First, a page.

The Consumer Confidence Index dropped 3.9 points to 92.8, down from a revised 96.7 in September, according to The Conference Board. Analysts had expected a reading of 94.
The October figure is the lowest since March, when the reading was 88.5. The index had been rising since April, before falling 3 points to 98.7 in August and another 2 points in September.
"Subdued expectations, as opposed to eroding present-day conditions, were the major cause behind October's decline in consumer confidence," said Lynn Franco, director of The Conference Board's Consumer Research Center. "And, while consumers' assessment of the labor market this month showed a moderate improvement, the gain was not sufficient to ease concerns about job growth in the months ahead."
Economists closely track consumer confidence because consumer spending accounts for two-thirds of all U.S. economic activity.
The Expectations Index, one component of the Index that measures consumers' outlook over the next six months, declined to 92.0 from 97.7. Meanwhile, The Present Situation index dipped to 94.2 from 95.3.
The Conference Board's indexes are derived from responses received through Oct. 19 to a survey mailed to 5,000 households in a consumer research panel. The figures released Tuesday include responses from at least 2,500 households. The figures for October were revised after all the surveys for that month were tabulated.
Consumers' assessment of overall current conditions was mixed. Those saying business conditions are "good" declined to 21.7 percent from 23.4 percent. Those saying conditions are "bad" edged up to 21.4 percent from 20.4 percent. On the employment front, consumers saying jobs are "plentiful" increased to 17.4 percent from 16.6 percent, while those claiming jobs are "hard to get" eased to 27.8 percent from 28.0 percent in September.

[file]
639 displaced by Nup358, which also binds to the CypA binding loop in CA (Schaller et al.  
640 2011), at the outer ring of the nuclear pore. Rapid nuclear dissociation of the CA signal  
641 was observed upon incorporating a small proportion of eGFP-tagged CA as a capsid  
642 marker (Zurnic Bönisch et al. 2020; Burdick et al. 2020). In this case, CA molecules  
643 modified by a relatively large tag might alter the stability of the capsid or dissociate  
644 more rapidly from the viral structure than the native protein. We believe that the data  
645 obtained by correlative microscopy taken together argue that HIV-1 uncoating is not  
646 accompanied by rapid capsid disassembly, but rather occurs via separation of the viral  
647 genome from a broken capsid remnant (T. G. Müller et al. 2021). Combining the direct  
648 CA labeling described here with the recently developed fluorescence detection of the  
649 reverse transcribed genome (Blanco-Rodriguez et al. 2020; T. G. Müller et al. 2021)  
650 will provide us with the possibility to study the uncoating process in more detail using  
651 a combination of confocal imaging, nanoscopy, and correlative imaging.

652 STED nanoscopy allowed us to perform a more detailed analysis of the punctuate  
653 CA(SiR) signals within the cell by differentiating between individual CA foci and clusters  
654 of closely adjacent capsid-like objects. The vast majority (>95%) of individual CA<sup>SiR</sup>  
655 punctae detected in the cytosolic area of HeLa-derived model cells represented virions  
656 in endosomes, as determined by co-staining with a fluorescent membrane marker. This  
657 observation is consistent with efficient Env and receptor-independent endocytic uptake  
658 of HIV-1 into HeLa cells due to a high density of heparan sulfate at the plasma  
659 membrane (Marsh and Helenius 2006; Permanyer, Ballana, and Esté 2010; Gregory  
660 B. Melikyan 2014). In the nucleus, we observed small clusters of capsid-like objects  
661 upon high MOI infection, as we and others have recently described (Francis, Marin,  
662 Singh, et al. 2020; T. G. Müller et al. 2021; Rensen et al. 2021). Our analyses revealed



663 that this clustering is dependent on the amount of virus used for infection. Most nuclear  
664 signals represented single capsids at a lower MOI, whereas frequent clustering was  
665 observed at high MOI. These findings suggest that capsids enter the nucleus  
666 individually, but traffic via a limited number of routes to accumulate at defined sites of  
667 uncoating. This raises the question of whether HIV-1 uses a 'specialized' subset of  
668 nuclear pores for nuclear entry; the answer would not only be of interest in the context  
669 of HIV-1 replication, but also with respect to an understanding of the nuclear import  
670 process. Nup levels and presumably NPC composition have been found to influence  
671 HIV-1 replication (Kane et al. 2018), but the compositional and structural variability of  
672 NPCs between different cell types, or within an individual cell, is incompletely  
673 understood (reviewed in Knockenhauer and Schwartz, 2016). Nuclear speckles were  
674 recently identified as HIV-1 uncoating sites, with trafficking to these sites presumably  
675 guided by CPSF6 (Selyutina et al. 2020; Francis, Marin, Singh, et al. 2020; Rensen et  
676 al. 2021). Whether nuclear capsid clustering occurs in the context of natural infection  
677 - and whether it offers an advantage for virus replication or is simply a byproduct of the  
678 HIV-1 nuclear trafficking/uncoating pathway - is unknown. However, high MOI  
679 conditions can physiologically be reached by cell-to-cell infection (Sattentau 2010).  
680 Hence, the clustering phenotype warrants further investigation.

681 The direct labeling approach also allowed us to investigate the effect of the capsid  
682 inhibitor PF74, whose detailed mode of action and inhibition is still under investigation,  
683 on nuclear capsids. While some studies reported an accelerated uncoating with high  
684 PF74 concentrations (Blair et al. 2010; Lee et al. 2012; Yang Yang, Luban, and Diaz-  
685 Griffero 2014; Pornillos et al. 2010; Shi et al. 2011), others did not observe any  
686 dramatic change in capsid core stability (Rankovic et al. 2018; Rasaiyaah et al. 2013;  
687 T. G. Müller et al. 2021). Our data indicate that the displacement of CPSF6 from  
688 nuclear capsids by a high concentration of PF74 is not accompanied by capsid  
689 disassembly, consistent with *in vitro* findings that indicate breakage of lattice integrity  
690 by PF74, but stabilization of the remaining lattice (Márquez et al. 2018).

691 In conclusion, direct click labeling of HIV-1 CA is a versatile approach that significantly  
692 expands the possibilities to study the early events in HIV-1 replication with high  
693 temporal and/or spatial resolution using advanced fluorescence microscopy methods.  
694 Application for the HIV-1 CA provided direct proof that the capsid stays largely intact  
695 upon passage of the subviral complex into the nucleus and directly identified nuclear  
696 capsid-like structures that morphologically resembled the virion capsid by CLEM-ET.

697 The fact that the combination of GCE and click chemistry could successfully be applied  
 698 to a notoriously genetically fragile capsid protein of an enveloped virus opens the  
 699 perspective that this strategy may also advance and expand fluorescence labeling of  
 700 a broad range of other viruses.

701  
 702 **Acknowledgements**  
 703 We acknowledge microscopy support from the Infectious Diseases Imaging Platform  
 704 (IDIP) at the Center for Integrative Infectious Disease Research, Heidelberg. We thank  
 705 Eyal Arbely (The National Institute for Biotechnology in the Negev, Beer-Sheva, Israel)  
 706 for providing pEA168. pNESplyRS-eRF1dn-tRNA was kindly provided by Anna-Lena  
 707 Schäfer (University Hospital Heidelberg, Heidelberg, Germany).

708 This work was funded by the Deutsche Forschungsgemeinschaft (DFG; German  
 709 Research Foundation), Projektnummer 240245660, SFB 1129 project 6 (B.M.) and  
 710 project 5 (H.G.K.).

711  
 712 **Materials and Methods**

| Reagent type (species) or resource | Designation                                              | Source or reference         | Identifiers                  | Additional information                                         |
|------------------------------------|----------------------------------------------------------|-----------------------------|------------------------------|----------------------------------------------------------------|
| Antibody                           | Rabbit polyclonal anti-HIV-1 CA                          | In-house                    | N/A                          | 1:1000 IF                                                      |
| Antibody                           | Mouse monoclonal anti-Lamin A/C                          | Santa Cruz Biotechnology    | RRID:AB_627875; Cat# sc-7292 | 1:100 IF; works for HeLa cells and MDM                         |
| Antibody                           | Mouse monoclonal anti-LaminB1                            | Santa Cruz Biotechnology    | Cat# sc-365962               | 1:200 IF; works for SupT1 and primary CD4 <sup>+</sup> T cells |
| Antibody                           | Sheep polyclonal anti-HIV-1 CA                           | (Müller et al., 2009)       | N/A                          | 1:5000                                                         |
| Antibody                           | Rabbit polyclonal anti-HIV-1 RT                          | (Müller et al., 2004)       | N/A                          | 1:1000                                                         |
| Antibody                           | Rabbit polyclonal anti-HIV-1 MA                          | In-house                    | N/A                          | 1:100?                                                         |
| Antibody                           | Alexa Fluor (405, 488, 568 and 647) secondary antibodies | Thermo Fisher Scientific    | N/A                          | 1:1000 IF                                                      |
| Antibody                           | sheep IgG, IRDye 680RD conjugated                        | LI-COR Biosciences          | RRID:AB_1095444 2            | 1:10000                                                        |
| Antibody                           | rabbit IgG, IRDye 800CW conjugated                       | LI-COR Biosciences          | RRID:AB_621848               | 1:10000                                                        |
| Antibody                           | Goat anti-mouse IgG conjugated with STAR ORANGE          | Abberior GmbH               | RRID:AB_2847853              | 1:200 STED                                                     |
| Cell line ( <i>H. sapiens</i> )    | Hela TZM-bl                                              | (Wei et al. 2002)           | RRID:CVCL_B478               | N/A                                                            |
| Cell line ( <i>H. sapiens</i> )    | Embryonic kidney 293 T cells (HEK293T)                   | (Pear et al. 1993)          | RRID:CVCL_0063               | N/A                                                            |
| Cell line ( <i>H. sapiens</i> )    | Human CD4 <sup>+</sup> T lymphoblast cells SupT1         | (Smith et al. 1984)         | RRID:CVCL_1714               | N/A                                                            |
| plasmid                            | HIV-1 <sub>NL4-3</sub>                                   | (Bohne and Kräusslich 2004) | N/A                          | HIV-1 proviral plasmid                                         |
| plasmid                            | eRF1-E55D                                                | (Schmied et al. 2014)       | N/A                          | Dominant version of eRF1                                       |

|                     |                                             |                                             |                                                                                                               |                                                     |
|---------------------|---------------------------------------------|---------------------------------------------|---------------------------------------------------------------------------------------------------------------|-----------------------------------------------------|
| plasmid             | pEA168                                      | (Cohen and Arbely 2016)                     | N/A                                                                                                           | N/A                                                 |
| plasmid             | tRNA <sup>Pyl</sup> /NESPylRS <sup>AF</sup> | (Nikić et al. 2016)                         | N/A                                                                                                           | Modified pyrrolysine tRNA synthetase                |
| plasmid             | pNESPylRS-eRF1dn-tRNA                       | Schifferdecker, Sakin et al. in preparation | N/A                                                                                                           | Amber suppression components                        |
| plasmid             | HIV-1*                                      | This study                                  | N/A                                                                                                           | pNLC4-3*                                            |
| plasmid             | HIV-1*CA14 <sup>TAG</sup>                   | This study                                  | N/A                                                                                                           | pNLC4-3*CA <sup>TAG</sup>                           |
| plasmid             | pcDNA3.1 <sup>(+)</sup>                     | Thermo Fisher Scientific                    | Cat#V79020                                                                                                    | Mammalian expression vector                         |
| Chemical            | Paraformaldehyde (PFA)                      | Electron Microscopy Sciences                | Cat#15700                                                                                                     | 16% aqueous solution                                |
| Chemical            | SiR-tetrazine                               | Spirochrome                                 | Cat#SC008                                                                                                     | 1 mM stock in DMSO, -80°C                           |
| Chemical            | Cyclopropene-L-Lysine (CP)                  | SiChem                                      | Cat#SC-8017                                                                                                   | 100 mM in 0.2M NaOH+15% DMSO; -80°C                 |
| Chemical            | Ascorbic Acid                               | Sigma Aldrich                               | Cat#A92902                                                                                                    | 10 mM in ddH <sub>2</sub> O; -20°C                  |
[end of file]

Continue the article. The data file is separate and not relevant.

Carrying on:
Consumers' outlook for the next six months turned more cautious. Those anticipating conditions to worsen increased to 10.3 percent from 9.4 percent. Consumers expecting business conditions to improve decreased to 20.6 percent from 21.6 percent.
The employment outlook was also more subdued. Consumers expecting fewer jobs to become available in the coming months rose to 18.4 percent from 16.2 percent, while those anticipating more jobs to become available slipped to 16.5 percent from 17.8 percent. The proportion of consumers expecting their incomes to improve in the months ahead dipped to 18.4 percent from 20.0 percent last month.
Stocks were mixed Tuesday as worries about sagging consumer confidence offset investors' relief over a second straight drop in oil prices.
Through the recession of 2001 and the months of weak growth that followed, consumer spending kept the U.S. economy from falling into a deeper slump. Many households accumulated debt in order to keep buying: Fed statistics indicate that from Sept. 2001 to this August, consumer debt increased by nearly 15 percent, from $1.76 trillion to $2.04 trillion.
The economy showed robust growth in 2003 and early this year, then entered what Federal Reserve Chairman Alan Greenspan has called a "soft patch in late spring."
"Consumer spending slowed materially, and employment gains moderated notably after the marked step-up in early spring," Greenspan told Congress in September. He has said signs point to the economy picking up steam again, but recent jobs figures have not shown robust growth.